As the Internet has grown in popularity the phenomenon of the educated consumer has grown along with it.

As the Internet has grown in popularity the phenomenon of the educated consumer has grown along with it.

I plead guilty to being a better-informed consumer when I am faced with the task purchasing a big-ticket item. Especially one that I have either never bought before or have not bought in a very long time. Most roofing consumers today fall into one or all of these categories:

1) It is a very “big ticket” for most folks.
2) Many have never purchased roofing before.
3) Most have not purchased roofing in a very long time - certainly since roofing systems and materials have changed (a lot).
4) To make what they feel will be a good buying decision, they spend some time on the Internet performing “research.”

The only problem I see with that is that while the Internet is full of great information (including improved graphics and even video), there is also a somewhat dark side. I’m not talking about porn or anything like that, but blogs and articles published by homeowner “experts” that know a little bit about all kinds of things related to construction but are suspect in the area of roofing.

It’s not only the Internet where you can find really bad advice on roofing, either. When one of my neighbors stick-built a screen enclosure over his concrete patio, he came to me after he had been to the home improvement warehouse store. He had done a nice job framing the enclosure and all, but he only gave it around a 1/4 inch in 12 inch pitch. Not a problem, but he called me to show him how to nail the shingles that he had just purchased.

After we got over the whole “Why in the hell did you not call me in the first place” discussion, I was able to determine that my neighbor actually told the home improvement warehouse employee what the pitch was on his addition! The guy at the store told him, “Yeah, you have enough pitch. All it takes is around 1/8 inch in 12 inches … like a bathtub.” We took the shingles back and put on an appropriate asphalt-based membrane covering.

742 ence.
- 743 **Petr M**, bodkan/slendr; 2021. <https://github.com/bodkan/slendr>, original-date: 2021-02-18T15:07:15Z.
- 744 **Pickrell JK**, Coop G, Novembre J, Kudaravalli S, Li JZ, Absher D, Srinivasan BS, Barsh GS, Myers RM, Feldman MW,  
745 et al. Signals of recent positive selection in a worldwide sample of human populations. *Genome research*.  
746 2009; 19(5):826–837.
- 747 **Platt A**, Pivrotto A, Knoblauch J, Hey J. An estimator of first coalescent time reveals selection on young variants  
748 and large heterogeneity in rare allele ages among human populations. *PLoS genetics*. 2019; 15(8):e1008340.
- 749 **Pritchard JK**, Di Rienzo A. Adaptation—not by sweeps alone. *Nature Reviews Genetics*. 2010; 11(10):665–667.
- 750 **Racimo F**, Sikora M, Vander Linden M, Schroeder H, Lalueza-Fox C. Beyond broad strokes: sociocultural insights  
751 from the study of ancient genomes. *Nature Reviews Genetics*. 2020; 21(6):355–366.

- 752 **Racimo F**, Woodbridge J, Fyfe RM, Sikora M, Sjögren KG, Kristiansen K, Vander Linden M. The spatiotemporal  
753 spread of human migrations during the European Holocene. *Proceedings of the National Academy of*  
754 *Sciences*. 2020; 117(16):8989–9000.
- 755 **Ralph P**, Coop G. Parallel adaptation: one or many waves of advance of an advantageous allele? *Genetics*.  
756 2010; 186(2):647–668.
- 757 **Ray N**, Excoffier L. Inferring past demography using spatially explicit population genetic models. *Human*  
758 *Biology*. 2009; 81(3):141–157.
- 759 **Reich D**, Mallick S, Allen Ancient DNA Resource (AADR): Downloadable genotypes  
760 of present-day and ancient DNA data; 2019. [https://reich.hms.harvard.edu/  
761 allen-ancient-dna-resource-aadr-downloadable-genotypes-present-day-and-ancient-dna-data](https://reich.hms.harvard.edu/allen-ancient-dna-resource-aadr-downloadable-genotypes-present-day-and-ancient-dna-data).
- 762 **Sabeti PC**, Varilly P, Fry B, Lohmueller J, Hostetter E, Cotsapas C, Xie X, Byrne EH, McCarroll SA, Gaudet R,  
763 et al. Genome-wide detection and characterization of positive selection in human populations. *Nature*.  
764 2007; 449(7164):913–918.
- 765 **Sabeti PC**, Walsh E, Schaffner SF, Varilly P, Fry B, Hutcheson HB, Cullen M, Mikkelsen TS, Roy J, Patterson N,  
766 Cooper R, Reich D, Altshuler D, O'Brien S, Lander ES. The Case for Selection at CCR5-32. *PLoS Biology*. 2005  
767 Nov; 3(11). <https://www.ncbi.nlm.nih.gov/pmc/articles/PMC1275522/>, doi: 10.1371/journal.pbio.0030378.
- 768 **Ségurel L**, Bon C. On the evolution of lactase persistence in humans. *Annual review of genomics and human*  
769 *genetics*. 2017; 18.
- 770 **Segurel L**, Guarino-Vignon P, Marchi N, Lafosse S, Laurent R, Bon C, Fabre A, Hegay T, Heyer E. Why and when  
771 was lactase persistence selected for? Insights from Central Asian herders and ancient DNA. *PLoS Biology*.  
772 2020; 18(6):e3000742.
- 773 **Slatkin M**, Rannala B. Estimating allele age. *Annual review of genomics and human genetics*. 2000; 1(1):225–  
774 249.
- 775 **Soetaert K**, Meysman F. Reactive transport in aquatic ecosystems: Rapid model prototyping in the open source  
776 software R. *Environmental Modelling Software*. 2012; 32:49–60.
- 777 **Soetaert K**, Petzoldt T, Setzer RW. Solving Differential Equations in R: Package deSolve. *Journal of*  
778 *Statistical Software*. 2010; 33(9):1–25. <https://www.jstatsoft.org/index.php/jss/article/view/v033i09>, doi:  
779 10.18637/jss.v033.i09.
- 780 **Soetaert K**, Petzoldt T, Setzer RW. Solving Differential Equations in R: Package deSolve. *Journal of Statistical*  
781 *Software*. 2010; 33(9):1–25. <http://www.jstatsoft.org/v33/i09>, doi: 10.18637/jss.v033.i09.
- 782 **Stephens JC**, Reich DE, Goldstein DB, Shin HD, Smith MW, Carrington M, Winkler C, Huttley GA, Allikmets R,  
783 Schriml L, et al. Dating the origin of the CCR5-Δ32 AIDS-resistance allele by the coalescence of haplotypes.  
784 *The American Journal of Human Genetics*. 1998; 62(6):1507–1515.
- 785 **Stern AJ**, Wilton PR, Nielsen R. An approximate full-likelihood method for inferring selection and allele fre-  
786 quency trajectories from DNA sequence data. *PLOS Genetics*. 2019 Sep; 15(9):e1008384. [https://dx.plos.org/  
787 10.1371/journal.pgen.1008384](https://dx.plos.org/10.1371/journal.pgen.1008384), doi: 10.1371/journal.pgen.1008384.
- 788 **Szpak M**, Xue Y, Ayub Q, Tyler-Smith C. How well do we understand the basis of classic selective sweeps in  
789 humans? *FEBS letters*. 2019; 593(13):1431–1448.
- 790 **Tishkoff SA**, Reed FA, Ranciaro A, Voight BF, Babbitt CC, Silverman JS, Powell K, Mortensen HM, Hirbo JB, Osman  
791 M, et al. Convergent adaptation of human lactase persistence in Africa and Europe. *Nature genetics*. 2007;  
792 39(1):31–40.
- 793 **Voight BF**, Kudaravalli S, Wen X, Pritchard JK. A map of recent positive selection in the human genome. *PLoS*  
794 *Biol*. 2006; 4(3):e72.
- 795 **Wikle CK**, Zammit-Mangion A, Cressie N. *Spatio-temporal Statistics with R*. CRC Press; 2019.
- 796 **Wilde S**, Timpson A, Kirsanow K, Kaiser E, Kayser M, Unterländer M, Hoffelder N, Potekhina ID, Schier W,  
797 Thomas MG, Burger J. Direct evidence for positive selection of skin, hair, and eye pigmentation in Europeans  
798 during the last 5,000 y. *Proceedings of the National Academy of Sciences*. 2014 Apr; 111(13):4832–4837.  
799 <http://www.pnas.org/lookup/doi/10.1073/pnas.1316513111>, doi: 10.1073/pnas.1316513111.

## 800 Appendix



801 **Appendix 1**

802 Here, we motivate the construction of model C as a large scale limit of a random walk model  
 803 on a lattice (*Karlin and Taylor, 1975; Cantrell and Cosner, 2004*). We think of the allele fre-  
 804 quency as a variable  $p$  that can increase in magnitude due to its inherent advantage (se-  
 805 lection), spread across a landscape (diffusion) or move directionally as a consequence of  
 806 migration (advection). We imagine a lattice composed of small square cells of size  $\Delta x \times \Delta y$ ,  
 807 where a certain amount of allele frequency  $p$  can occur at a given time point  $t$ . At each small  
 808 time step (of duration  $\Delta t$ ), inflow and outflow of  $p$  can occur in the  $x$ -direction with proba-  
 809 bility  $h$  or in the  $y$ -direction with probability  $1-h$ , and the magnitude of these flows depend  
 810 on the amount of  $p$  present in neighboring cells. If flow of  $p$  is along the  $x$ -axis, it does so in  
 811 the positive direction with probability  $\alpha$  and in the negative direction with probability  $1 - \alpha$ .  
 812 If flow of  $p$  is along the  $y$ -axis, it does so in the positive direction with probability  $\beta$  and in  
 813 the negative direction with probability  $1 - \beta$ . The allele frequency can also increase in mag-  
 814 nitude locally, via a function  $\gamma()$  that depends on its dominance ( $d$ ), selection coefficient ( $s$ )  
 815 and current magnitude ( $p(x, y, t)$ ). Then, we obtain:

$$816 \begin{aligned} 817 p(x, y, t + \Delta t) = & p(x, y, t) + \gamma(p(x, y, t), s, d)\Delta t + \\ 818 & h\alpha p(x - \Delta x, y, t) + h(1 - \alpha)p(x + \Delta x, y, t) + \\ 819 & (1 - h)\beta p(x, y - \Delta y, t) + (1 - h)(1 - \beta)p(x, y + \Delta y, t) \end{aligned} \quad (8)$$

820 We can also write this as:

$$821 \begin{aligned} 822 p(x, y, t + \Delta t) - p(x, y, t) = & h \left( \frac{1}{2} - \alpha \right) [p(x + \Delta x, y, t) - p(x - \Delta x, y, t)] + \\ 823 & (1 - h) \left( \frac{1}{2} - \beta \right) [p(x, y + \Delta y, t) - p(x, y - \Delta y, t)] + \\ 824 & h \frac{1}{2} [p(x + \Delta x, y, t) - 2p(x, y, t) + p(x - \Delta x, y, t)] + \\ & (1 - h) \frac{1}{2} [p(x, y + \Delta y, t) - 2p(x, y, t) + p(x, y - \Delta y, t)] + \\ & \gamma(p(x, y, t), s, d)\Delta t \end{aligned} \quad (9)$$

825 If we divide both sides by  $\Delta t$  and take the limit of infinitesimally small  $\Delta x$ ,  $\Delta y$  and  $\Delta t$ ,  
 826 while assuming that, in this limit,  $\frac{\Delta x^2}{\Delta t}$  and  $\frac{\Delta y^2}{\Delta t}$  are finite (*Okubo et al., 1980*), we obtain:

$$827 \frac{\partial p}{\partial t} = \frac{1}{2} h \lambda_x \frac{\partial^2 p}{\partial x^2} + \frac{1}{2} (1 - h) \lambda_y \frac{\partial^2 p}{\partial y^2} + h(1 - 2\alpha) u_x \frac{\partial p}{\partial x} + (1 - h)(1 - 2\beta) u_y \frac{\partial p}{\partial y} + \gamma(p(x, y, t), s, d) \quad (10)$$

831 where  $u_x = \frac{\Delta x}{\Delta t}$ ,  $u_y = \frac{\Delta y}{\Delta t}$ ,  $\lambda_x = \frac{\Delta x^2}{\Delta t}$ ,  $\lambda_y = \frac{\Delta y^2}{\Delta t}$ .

Surfing around the Internet just the other day I ran into a “Q&A” type home improvement column from a local newspaper (the name of which will be omitted here to protect the guilty). This writer informed the readers that they really needed to focus on the dry-in since the felt is what really provided the waterproofing. The asphalt shingles were just there for looks and to protect the felt. I’ve been in this business since 1974 and I have never heard that one!

One thing I have learned since the dawn of the Internet: Just about anything you see here (including this blog, which is based mostly on my opinion) should be taken with a grain of salt. Some should be taken with a box of ice cream salt. Best advice - check it twice and then research it just a little more. If you find the same advice two or more times from reasonably reliable sources it may be that both sources are falling for the same bad information. If what you are trying to learn is really important, you need to check all the facts independently and then check again.

And roofing contractors out there dealing with John Q Public: It is a good service to refer them to trusted sites on the Internet so they can independently check all the facts you toss at them as part of the sales process. If you have your story straight, it will be borne out by the legitimate media, Web sites published by roofing manufacturers and professional roofing associations.